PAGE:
2. Alcohol. For various reasons, mostly naivety and stupidity, alcohol has get me into some pretty ridiculous situations in the past, so I don't really drink a lot. But I do like red wine, and sometimes it just takes the edge off.
3. Pizza. For the record, I'm aware this sounds like a bizarre "way out", but bear in mind I'm quite severely lactose intolerant - half a dairy milk bar makes my face erupt, and you don't need (or want) to know about the other side effects.
I found my respite in Sainsburys. I hate supermarkets, especially on a Saturday night. If
you have nothing better to do on a Saturday night than go to
Sainsburys, you need to get a new hobby. But you can guarantee that
there will at least be other people there, making it a "safe place". And Sainsburys sells both wine and pizza. Double win.
My poor attempt to make myself feel better by giving myself a hangover and some particularly unhappy dairy-induced-side-effects pretty much failed. Mostly because I fell asleep after the first large glass of wine and woke up on the sofa at 3am. As angry as I was with myself at the time ("I can't even do miserable right"), I'm glad this is the way it worked out.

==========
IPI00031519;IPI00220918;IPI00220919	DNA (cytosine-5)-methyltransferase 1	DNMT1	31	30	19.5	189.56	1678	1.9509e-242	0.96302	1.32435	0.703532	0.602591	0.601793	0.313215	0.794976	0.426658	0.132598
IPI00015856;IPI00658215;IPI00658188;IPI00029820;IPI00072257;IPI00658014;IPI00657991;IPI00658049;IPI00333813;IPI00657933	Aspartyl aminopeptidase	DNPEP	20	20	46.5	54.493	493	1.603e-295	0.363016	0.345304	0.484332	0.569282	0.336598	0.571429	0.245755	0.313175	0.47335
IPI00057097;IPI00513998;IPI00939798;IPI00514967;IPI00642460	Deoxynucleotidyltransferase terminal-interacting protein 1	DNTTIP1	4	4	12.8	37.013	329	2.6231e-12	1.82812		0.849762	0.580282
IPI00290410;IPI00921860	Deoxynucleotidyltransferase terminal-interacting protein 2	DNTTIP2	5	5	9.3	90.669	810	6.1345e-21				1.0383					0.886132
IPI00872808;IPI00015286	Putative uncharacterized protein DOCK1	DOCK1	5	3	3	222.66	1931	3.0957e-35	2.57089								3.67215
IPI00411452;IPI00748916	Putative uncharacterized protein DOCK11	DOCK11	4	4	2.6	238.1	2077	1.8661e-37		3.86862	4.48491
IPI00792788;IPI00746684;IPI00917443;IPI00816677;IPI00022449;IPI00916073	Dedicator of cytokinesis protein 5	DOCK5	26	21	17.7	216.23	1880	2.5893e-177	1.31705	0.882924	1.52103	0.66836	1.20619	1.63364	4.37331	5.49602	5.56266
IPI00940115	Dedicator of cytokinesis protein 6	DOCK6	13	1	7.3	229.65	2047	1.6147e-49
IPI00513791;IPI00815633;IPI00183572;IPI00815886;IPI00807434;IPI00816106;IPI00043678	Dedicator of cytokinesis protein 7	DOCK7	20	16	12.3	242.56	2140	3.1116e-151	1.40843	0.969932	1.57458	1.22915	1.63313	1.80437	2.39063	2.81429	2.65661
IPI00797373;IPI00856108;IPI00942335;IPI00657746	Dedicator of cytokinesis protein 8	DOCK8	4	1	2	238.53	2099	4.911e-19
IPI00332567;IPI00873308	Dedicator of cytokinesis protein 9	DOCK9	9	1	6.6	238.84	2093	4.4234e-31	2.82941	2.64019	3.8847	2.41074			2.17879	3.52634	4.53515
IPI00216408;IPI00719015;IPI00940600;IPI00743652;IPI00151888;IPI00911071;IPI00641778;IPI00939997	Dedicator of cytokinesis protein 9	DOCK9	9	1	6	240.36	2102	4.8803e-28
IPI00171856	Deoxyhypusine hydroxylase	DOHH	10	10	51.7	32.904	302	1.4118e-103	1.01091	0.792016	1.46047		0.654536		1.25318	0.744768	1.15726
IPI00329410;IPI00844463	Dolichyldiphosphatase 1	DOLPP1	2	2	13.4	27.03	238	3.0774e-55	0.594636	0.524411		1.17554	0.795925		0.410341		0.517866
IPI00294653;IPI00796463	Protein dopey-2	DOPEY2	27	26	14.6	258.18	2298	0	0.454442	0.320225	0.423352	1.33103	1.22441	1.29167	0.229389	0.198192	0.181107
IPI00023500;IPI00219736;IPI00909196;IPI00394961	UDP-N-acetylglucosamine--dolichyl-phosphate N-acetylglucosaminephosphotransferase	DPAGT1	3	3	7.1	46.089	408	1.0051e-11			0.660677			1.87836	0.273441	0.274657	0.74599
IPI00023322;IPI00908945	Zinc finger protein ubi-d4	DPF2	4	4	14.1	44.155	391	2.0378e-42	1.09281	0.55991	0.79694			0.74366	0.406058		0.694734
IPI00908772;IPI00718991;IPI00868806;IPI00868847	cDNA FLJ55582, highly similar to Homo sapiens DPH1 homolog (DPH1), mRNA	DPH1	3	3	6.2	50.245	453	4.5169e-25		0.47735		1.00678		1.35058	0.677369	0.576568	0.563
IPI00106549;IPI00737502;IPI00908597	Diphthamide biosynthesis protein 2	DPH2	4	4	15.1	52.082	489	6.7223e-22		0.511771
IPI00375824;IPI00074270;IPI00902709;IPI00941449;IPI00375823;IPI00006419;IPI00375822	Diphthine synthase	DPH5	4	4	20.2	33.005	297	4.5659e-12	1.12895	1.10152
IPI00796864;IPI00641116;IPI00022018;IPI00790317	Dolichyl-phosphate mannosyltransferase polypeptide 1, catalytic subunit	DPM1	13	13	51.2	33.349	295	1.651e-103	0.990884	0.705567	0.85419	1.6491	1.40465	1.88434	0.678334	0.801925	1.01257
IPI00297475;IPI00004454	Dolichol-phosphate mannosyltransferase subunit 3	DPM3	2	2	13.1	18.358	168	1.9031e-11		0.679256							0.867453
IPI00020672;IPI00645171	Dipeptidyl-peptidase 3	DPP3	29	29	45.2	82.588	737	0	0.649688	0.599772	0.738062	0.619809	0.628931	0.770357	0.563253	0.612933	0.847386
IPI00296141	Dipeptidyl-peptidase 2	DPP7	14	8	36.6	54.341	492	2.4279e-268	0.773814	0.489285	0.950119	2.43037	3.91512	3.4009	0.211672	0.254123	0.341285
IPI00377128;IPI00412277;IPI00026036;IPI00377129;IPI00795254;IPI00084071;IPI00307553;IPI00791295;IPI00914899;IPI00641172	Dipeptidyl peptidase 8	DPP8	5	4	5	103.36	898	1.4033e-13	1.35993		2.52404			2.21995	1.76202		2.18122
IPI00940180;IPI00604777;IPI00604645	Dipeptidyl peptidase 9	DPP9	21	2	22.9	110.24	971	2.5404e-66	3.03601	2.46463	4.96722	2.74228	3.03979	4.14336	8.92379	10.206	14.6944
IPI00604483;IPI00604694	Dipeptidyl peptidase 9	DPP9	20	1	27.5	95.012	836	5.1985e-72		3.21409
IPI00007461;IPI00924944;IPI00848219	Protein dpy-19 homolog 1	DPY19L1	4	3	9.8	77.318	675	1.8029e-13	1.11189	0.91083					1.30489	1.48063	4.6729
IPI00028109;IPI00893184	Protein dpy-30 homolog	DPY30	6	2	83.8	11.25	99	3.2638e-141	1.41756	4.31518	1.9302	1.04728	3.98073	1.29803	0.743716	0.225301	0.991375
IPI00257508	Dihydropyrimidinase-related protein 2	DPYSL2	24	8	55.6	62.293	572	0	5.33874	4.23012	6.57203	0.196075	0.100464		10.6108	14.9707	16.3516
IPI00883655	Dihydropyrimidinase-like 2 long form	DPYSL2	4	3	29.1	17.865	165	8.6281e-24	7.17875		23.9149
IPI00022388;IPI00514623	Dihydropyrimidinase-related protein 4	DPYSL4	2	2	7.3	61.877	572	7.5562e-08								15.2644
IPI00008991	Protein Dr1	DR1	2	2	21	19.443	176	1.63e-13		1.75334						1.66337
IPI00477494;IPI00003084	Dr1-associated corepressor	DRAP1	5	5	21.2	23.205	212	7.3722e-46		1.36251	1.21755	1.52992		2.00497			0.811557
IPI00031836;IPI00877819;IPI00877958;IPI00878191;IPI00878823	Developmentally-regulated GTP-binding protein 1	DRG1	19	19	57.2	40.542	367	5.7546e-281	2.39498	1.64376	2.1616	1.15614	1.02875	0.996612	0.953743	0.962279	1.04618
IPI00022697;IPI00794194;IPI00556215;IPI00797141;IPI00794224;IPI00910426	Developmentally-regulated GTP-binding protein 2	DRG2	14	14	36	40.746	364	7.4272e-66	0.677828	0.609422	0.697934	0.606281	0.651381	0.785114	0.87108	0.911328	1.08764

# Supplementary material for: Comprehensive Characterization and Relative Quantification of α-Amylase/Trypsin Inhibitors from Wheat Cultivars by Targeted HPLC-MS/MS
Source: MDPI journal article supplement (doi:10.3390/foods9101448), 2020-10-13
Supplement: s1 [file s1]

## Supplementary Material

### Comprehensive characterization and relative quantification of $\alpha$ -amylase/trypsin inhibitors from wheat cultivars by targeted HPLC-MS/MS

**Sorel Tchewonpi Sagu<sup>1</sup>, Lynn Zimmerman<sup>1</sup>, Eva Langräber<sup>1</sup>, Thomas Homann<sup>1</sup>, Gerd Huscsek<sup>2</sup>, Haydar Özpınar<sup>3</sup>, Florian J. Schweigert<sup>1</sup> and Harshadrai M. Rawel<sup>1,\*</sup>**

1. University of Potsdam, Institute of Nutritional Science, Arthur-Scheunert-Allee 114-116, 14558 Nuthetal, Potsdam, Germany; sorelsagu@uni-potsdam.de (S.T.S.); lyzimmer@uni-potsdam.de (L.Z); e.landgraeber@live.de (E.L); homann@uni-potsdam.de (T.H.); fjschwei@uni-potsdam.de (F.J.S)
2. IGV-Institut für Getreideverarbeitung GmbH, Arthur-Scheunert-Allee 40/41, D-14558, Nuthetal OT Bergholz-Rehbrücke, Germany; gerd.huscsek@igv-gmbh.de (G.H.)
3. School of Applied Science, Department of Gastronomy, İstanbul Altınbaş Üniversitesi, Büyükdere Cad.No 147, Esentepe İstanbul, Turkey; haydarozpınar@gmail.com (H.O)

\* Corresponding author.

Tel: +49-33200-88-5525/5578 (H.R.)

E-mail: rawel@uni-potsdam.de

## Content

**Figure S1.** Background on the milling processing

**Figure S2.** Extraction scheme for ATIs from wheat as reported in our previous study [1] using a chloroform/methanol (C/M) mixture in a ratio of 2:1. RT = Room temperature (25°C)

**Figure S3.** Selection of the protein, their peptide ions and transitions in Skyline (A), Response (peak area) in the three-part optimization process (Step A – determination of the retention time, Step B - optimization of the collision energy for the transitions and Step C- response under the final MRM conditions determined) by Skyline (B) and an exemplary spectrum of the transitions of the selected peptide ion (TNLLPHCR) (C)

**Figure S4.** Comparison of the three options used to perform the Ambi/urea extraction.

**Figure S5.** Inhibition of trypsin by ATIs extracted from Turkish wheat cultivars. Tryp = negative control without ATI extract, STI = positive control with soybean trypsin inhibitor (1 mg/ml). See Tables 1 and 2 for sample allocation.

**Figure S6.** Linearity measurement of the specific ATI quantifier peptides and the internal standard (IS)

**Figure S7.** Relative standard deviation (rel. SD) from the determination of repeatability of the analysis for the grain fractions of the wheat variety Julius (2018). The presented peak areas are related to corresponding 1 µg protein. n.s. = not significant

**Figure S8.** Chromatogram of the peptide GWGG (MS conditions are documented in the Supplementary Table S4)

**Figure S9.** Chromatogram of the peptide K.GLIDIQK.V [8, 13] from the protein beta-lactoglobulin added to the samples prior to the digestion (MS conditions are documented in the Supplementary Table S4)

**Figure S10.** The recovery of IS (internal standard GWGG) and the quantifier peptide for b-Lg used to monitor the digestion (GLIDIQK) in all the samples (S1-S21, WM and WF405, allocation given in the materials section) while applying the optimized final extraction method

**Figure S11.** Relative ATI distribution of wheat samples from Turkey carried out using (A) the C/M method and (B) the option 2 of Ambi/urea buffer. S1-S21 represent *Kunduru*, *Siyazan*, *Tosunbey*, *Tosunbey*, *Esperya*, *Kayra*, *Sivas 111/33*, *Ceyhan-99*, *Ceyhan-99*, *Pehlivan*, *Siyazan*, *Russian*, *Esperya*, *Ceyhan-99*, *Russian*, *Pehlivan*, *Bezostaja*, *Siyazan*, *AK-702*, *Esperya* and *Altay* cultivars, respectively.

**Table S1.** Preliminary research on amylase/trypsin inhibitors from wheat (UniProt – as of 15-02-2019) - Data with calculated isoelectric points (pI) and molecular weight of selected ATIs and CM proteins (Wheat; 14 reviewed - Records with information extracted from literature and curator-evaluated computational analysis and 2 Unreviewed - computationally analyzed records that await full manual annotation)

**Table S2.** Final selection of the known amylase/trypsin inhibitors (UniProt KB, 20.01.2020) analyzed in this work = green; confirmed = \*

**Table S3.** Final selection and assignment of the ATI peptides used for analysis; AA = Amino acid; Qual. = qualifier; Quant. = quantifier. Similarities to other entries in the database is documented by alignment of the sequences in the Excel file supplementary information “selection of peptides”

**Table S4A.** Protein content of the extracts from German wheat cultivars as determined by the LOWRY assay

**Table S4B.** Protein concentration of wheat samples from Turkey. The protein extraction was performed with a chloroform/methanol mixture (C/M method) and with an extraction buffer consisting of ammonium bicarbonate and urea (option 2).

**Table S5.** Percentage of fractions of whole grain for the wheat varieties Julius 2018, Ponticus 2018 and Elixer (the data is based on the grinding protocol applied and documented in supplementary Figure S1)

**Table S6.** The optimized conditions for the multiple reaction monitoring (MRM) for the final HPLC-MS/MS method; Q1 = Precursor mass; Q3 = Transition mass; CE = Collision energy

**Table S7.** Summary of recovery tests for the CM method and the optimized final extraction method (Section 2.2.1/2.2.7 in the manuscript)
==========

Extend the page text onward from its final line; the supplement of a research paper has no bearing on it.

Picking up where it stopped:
I guess what this has shown me is that life isn't always happy all the time. Sometimes, it's spectacularly rubbish. But learning to accept that, and being able to question why we react in the way we do, is the first step to making it a bit less rubbish.
I've spent the last two weeks letting myself feel rubbish, but the difference between this time and the previous ten years of feeling rubbish is that I was aware I felt rubbish, and I was aware of why.
Today, I'm done feeling rubbish. I've had words with the elephants and they've shrunk just a little bit. I've filled my "free time" with friends and Guiding and books and all of the other things I've neglected over the past six months (except washing up. I'm not that desperate). I've started eating vegetables again, and I'm looking forward to not having to do any more studying. At least for now.
So that's my excuse for neglecting you over the past few weeks. I'm not going to apologise for my disappearance - it's just a thing I needed to do. But now I've stopped feeling sorry for myself and hopefully normal service will resume.